It is a task for the historian of culture to explain why there has been in the past four decades a heavy and largely victorious assault on the sensible belief that a text means what its author meant. In the earliest and most decisive wave of the attack (launched by Eliot, Pound, and their associates) the battleground was literary: the proposition that textual meaning is independent of the author’s control was associated with the literary doctrine that the best poetry is impersonal, objective, and autonomous; that it leads an afterlife of its own, totally cut off from the life of...

    (pp. 24-67)

    Since it is very easy for a reader of any text to construe meanings that are different from the author’s, there is nothing in the nature of the text itself which requires the reader to set up the author’s meaning as his normative ideal. Any normative concept in interpretation implies a choice that is required not by the nature of written texts but rather by the goal that the interpreter sets himself. It is a weakness in many descriptions of the interpretive process that this act of choice is disregarded and the process described as though the object of interpretation...

    (pp. 68-126)

    For the sake of clarity, I have been emphasizing one side of a complex process that is by nature two-sided and reciprocal. Speech is not simply the expression of meaning but also the interpretation of meaning, each pole existing through and for the other, and each completely pointless without the other. When interpretation is the main subject of consideration, a theorist is likely to leap into categories like “public norms,” “traditions,” “contexts,” and “linguistic necessities.” On the other hand, when meaning is the primary subject, he is driven to recognize the necessity of the author’s determining will. Furthermore, when his...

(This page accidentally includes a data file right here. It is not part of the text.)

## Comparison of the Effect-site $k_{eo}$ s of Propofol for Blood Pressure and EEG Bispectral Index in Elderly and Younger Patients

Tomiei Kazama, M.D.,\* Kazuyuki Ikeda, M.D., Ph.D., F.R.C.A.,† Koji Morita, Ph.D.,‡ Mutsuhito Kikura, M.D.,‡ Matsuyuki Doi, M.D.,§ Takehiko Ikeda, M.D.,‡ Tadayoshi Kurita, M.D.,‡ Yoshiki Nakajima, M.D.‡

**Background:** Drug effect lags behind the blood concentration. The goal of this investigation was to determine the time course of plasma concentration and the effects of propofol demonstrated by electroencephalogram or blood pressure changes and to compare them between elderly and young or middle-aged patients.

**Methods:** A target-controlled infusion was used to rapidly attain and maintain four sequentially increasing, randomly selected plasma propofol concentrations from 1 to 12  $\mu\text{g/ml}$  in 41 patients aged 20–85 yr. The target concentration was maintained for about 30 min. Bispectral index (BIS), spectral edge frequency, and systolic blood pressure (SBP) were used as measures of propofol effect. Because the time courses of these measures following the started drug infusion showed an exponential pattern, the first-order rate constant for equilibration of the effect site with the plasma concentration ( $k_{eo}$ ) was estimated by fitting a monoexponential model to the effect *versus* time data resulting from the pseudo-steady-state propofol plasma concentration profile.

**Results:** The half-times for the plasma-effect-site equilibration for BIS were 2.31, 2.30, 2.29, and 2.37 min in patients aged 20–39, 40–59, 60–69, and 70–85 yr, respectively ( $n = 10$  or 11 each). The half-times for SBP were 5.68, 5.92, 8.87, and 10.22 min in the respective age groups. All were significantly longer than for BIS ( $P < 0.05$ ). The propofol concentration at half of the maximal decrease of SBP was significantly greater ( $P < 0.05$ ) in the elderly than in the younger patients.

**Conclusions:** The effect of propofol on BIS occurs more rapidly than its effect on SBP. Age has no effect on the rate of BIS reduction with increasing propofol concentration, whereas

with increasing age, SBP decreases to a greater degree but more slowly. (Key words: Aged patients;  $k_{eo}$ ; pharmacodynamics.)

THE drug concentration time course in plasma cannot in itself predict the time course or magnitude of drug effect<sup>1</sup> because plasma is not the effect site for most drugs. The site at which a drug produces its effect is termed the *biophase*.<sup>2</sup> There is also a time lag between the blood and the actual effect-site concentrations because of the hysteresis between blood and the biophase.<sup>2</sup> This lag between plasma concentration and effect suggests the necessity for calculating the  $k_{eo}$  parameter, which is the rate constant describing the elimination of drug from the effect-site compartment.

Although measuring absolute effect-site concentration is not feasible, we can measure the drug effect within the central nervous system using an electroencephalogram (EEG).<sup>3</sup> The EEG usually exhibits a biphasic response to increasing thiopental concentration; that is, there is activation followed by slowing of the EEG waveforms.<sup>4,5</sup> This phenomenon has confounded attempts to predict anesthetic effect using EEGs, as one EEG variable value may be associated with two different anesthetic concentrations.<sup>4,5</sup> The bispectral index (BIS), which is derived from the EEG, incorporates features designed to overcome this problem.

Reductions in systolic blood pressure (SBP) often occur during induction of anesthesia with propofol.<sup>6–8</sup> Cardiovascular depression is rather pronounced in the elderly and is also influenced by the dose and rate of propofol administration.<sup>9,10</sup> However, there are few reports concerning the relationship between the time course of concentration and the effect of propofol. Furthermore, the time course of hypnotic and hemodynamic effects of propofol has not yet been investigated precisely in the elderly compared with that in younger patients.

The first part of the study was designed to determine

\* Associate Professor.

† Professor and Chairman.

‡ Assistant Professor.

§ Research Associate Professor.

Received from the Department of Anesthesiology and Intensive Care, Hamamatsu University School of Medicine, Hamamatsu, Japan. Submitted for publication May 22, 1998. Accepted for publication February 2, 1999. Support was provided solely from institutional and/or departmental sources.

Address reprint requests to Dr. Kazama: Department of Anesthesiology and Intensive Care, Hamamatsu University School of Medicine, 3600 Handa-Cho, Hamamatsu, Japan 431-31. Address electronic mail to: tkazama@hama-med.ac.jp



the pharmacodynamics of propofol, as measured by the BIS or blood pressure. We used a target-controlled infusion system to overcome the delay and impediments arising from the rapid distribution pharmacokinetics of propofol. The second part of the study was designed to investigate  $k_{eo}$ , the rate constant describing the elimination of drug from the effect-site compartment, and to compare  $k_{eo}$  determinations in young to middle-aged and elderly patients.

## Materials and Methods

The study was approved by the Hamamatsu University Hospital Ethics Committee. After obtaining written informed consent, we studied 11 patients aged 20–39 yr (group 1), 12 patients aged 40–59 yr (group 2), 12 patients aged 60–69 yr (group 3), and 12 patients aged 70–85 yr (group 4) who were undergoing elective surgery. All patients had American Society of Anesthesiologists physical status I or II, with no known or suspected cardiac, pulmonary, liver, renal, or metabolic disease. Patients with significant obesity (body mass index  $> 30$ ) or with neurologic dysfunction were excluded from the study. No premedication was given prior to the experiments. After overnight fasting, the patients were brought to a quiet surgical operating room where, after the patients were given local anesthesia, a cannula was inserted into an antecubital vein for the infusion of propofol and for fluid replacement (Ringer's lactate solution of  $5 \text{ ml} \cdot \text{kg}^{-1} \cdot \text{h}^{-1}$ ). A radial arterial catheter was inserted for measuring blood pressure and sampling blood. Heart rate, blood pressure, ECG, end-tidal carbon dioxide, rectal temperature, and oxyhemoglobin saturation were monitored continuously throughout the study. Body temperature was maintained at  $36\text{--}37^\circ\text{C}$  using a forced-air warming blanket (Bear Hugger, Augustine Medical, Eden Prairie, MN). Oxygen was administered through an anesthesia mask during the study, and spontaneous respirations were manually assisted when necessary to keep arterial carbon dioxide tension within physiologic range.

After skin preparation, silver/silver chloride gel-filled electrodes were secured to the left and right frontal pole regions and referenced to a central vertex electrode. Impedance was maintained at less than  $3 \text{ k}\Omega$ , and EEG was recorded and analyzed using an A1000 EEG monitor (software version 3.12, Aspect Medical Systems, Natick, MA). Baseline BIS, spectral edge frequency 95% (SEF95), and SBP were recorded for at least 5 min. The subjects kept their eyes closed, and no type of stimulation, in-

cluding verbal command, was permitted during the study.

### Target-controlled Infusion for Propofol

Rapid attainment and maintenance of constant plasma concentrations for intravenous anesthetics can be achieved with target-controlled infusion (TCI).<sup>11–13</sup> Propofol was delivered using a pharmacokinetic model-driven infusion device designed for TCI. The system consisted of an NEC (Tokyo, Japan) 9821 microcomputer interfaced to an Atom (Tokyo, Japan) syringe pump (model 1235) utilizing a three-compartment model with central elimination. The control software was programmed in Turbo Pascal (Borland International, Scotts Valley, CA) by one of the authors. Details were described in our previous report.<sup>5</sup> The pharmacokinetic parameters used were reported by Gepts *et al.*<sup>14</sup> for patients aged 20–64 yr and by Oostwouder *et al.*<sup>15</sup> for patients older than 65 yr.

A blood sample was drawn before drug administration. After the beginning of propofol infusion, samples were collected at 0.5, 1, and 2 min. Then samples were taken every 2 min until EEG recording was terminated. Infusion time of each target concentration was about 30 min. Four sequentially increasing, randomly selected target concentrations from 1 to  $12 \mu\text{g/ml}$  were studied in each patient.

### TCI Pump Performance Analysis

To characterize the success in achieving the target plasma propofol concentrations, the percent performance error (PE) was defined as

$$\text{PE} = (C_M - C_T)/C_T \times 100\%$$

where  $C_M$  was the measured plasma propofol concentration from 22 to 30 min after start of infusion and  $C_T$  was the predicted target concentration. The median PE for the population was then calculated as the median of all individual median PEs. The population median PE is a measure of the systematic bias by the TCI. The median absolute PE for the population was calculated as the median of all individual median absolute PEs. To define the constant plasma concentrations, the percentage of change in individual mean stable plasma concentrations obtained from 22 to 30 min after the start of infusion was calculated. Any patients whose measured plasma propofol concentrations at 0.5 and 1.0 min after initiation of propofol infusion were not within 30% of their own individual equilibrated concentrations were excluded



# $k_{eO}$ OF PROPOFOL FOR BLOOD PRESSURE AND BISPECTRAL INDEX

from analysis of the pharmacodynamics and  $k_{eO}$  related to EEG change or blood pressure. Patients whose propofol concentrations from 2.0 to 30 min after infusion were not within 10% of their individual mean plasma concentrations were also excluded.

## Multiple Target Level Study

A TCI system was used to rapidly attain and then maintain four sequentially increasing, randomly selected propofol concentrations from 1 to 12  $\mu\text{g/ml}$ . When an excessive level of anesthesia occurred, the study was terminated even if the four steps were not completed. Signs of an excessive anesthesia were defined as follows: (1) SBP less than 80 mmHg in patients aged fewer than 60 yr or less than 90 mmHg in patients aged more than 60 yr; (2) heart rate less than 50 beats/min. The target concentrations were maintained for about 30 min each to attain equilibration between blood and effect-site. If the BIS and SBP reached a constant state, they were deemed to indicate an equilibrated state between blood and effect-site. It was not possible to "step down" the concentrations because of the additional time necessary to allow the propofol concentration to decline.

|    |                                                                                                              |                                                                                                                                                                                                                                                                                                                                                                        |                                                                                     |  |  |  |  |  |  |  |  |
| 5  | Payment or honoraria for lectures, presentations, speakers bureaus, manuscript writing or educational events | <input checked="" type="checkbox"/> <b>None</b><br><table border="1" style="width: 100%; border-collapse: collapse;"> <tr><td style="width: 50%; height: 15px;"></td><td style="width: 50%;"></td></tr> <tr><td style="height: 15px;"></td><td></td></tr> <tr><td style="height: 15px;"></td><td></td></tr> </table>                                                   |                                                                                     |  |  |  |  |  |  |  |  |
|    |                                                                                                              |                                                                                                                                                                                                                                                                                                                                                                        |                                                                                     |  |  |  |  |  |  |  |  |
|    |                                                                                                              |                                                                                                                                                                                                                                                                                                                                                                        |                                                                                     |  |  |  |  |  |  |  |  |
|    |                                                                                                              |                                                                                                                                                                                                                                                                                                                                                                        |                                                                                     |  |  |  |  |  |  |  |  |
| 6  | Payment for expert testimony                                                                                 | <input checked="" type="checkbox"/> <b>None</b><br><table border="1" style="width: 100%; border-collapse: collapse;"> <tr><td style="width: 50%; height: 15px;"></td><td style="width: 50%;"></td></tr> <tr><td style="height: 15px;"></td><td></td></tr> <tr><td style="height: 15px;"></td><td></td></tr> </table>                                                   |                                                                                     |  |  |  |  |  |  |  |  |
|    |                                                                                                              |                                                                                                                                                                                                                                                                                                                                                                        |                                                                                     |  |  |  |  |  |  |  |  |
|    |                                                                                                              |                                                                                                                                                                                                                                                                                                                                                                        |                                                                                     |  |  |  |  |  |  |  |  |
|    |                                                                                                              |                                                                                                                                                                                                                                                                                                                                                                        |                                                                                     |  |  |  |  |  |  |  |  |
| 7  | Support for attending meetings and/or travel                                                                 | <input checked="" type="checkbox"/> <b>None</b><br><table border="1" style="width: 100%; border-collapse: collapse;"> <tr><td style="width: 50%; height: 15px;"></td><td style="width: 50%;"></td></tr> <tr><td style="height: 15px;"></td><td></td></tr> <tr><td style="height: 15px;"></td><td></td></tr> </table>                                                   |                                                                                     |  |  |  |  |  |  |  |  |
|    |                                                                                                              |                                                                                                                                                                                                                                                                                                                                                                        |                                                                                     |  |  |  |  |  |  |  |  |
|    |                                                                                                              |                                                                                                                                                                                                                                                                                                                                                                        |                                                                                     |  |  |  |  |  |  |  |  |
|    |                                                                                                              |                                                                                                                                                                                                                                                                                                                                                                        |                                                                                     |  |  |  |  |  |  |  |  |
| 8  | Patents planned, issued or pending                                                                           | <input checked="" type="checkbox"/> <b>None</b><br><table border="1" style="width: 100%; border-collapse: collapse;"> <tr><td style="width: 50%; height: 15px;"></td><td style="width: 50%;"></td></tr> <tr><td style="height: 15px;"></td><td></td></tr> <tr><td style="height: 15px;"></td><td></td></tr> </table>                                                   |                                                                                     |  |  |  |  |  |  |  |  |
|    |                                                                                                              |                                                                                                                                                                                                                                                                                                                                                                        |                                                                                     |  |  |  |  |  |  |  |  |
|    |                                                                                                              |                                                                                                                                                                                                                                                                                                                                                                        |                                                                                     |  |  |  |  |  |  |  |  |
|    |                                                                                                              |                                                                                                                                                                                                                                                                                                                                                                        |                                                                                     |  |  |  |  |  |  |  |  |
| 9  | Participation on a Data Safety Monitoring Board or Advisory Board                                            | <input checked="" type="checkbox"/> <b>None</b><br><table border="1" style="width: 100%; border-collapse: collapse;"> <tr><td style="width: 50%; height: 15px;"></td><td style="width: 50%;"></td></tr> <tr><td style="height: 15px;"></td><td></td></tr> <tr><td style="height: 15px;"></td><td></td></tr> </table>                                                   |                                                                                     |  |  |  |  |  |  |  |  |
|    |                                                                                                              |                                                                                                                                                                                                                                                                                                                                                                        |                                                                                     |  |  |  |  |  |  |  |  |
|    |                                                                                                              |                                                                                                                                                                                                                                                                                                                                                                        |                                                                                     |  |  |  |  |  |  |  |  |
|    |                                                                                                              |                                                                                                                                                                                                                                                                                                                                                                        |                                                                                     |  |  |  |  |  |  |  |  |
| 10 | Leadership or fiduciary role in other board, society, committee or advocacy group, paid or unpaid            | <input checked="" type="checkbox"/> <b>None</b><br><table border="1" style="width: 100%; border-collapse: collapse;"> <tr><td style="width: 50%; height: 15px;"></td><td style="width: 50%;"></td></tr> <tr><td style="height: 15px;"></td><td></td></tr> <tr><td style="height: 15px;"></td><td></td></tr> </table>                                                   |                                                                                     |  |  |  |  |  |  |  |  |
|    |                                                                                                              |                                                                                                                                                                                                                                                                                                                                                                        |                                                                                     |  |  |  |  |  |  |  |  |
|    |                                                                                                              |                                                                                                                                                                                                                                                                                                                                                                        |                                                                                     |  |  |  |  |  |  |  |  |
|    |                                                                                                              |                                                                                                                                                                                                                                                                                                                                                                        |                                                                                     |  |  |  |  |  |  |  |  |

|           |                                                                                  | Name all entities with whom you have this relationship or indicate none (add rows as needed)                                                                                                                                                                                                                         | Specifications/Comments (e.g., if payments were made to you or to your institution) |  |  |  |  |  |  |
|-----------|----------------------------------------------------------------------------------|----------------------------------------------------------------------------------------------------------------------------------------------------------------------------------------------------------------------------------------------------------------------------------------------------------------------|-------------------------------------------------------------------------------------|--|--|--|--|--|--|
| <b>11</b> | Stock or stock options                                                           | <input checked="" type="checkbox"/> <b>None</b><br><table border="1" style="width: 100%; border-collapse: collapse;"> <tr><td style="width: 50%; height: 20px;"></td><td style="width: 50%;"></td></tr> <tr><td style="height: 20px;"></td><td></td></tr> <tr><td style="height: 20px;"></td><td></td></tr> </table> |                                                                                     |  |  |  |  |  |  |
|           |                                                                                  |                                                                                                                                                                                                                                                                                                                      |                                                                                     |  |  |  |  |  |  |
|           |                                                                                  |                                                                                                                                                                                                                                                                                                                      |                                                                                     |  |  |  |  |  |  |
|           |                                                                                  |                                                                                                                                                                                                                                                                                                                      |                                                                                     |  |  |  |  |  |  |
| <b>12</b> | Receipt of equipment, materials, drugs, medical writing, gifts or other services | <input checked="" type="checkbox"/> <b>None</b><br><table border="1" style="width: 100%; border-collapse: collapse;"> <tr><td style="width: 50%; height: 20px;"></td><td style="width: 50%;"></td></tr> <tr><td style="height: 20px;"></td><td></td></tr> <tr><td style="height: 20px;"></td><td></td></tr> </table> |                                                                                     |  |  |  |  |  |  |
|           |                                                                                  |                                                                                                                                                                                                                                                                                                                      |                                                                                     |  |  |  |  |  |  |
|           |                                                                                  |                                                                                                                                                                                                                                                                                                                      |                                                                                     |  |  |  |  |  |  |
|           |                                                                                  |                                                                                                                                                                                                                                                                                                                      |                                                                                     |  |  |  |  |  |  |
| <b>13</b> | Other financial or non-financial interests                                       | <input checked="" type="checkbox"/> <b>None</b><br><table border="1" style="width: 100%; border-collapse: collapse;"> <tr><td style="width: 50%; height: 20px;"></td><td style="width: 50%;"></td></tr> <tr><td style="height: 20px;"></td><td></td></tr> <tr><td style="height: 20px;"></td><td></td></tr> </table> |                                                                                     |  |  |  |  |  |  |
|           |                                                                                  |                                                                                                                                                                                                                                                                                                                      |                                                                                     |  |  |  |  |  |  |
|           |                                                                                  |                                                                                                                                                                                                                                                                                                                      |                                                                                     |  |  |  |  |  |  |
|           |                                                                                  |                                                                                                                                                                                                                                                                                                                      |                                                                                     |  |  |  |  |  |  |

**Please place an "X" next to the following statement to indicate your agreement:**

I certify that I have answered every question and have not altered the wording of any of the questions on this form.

(pp. 127-163)

    The analyses and arguments of the preceding chapters have paid scant attention to the practical exigencies of textual commentary. Those chapters were concerned broadly with the conditions that make valid interpretation possible and with the unchanging theoretical principles that underlie the interpretation of all verbal texts. I have tried to show that the immense universe of verbal meaning stretching from casual conversation to epic poetry is uniformly governed by the social principle of linguistic genres and by the individual principle of authorial will. Both principles are formally necessary to the determination of verbal meaning and to its correct interpretation. In...

    (pp. 164-208)

    The activity of interpretation can lay claim to intellectual respectability only if its results can lay claim to validity. On the other hand, its claims need to be moderated to suit the peculiarities and difficulties attending the interpretive enterprise. Aristotle made the appropriate remark on this point in hisEthics, where he observed that no conclusion should arrogate to itself a greater certainty or precision than its subject matter warrants. In this section I shall describe a fundamental difficulty of interpretation which hinders any neat formulation of correct methodology and must sober any self-convinced interpreter of a text. The fact...

  9. Appendix i. Objective Interpretation
    (pp. 209-244)
  10. Appendix ii. Gadamer’s Theory of Interpretation
    (pp. 245-264)
  11. Appendix iii. An Excursus on Types
    (pp. 265-274)
  12. Index
    (pp. 275-287)